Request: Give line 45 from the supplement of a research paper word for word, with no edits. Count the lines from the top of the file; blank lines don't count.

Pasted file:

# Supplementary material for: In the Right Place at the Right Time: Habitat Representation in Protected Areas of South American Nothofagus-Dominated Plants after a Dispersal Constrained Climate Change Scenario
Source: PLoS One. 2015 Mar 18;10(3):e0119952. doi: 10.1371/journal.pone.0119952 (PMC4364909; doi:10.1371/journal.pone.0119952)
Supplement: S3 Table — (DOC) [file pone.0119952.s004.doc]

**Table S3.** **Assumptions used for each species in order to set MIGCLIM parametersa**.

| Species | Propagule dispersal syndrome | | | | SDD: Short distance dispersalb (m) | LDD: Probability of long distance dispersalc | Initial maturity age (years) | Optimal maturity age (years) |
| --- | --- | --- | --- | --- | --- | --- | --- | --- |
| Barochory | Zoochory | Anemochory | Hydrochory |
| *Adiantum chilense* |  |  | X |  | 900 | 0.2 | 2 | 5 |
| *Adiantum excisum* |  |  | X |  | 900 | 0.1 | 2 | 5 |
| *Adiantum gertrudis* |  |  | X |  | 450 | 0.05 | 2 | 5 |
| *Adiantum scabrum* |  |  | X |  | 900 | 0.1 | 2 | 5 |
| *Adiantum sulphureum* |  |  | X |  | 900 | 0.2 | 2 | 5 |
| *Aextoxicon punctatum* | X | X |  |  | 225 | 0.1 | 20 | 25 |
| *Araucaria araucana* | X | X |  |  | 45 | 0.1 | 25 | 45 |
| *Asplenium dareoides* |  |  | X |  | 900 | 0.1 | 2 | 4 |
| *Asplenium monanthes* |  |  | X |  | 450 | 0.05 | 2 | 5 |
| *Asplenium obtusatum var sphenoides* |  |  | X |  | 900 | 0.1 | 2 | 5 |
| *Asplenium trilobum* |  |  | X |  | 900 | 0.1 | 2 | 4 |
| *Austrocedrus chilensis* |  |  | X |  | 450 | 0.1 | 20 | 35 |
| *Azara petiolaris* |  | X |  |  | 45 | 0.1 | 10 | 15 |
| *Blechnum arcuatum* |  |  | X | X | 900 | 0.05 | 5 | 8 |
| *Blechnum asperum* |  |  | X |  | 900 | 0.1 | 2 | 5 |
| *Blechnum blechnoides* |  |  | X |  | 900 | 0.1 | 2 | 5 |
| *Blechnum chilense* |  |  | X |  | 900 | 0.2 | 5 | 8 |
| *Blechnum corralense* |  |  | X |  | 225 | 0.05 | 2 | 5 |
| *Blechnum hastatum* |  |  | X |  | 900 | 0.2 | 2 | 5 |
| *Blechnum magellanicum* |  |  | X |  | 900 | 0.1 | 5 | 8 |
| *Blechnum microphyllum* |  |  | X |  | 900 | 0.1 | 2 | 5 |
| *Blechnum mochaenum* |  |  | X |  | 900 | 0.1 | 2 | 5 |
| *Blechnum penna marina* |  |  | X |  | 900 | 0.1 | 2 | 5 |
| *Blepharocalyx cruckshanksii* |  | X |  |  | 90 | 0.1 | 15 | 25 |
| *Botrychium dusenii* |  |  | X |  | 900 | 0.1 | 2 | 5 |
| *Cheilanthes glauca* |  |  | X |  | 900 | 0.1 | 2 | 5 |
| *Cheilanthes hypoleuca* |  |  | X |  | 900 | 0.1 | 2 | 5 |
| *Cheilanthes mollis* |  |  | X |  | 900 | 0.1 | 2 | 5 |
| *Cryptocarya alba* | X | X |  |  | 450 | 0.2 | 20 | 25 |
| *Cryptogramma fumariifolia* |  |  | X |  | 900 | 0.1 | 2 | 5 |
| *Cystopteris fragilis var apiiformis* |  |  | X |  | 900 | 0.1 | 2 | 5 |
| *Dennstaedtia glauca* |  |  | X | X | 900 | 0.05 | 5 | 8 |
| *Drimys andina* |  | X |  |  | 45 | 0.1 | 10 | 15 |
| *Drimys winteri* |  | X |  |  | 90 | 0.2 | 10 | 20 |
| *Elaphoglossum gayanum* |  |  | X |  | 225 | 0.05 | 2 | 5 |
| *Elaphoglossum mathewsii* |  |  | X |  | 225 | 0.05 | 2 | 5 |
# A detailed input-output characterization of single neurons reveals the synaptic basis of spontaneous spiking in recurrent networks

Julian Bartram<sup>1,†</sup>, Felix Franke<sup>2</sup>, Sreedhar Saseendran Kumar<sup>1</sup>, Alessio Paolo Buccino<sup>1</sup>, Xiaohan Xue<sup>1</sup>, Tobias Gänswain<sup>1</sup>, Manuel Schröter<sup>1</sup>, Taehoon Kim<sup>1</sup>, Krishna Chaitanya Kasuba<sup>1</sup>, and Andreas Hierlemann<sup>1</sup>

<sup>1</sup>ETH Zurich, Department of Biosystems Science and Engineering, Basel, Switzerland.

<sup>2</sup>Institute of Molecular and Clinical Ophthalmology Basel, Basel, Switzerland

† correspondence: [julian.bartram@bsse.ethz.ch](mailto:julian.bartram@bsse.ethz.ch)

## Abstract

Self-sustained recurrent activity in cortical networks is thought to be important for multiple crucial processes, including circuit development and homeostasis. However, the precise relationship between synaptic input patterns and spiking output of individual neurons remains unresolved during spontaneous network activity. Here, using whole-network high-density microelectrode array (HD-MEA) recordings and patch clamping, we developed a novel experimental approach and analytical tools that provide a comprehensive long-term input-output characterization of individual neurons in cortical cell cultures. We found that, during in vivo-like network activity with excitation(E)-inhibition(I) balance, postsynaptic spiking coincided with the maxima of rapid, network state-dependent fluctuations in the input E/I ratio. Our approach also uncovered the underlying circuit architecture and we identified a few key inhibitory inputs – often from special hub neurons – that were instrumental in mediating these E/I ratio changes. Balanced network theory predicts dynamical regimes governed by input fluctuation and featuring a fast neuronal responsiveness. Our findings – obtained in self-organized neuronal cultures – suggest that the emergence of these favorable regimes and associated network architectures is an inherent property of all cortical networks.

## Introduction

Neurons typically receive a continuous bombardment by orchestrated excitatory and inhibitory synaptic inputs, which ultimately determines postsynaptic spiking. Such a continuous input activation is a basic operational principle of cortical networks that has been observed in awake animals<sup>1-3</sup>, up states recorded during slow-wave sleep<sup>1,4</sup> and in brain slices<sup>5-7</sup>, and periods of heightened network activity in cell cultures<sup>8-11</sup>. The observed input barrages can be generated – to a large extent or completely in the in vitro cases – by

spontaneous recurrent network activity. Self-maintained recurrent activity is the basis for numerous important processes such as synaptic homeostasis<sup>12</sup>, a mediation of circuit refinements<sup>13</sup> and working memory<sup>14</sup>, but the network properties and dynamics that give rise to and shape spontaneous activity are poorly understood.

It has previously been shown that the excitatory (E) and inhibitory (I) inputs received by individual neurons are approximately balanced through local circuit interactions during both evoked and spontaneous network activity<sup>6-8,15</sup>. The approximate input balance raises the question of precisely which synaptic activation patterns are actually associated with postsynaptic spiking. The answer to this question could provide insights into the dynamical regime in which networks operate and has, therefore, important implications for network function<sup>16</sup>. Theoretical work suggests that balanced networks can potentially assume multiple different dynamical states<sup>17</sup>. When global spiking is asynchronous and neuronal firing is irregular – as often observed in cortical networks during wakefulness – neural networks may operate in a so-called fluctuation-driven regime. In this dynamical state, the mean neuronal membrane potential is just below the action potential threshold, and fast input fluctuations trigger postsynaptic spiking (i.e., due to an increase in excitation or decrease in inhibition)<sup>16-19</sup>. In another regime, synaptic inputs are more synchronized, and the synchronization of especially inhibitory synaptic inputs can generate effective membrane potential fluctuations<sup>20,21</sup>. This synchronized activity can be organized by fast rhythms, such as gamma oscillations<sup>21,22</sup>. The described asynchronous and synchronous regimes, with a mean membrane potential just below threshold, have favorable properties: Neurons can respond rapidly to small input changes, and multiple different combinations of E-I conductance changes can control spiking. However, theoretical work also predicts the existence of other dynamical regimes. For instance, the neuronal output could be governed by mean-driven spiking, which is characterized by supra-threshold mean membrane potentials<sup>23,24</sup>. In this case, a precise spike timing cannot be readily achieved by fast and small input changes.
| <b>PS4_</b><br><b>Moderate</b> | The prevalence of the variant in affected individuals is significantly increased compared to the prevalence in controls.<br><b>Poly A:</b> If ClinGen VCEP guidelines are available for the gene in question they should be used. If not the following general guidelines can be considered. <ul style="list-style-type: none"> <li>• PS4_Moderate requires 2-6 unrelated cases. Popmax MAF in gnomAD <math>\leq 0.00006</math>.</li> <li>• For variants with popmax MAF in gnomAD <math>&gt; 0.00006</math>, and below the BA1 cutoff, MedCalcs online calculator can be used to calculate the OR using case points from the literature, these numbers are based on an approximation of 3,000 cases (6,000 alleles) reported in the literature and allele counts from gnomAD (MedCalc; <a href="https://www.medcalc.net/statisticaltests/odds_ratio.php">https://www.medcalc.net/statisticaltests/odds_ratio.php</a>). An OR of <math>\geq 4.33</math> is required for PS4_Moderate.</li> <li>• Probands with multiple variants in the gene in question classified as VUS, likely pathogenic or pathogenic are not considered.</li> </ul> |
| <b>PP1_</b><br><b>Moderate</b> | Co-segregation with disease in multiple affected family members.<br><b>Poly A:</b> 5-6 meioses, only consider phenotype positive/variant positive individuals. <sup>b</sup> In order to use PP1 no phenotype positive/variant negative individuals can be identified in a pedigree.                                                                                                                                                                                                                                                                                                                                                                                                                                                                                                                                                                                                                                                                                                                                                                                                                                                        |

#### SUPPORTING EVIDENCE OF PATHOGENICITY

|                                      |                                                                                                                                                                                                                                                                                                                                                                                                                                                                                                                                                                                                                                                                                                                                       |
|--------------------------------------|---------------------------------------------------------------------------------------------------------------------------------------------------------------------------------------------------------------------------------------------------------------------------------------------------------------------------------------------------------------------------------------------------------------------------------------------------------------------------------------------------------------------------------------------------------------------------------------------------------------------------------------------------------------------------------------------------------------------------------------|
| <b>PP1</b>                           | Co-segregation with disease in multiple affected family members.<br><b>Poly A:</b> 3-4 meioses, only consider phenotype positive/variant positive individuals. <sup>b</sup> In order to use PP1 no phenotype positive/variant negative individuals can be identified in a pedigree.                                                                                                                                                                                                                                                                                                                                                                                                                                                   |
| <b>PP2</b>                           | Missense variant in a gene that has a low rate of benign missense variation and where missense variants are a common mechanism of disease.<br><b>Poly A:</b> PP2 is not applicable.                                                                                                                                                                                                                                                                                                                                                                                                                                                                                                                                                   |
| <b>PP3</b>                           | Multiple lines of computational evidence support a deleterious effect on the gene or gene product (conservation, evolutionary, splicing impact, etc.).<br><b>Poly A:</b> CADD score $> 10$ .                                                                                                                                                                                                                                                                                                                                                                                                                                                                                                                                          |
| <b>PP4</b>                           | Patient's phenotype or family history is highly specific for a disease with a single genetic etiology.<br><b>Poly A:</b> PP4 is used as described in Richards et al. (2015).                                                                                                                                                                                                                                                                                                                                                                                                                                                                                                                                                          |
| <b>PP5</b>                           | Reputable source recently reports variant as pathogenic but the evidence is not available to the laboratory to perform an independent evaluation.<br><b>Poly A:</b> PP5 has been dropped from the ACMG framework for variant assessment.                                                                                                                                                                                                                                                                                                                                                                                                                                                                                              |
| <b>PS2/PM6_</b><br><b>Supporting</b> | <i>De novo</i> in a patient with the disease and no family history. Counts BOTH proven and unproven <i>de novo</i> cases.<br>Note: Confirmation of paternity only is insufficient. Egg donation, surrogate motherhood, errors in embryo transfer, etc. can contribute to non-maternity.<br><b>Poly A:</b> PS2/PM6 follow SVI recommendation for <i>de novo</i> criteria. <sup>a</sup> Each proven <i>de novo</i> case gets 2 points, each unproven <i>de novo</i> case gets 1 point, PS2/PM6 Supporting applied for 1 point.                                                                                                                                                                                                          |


Julian Bartram<sup>1,†</sup>, Felix Franke<sup>2</sup>, Sreedhar Saseendran Kumar<sup>1</sup>, Alessio Paolo Buccino<sup>1</sup>, Xiaohan Xue<sup>1</sup>, Tobias Gänswain<sup>1</sup>, Manuel Schröter<sup>1</sup>, Taehoon Kim<sup>1</sup>, Krishna Chaitanya Kasuba<sup>1</sup>, and Andreas Hierlemann<sup>1</sup>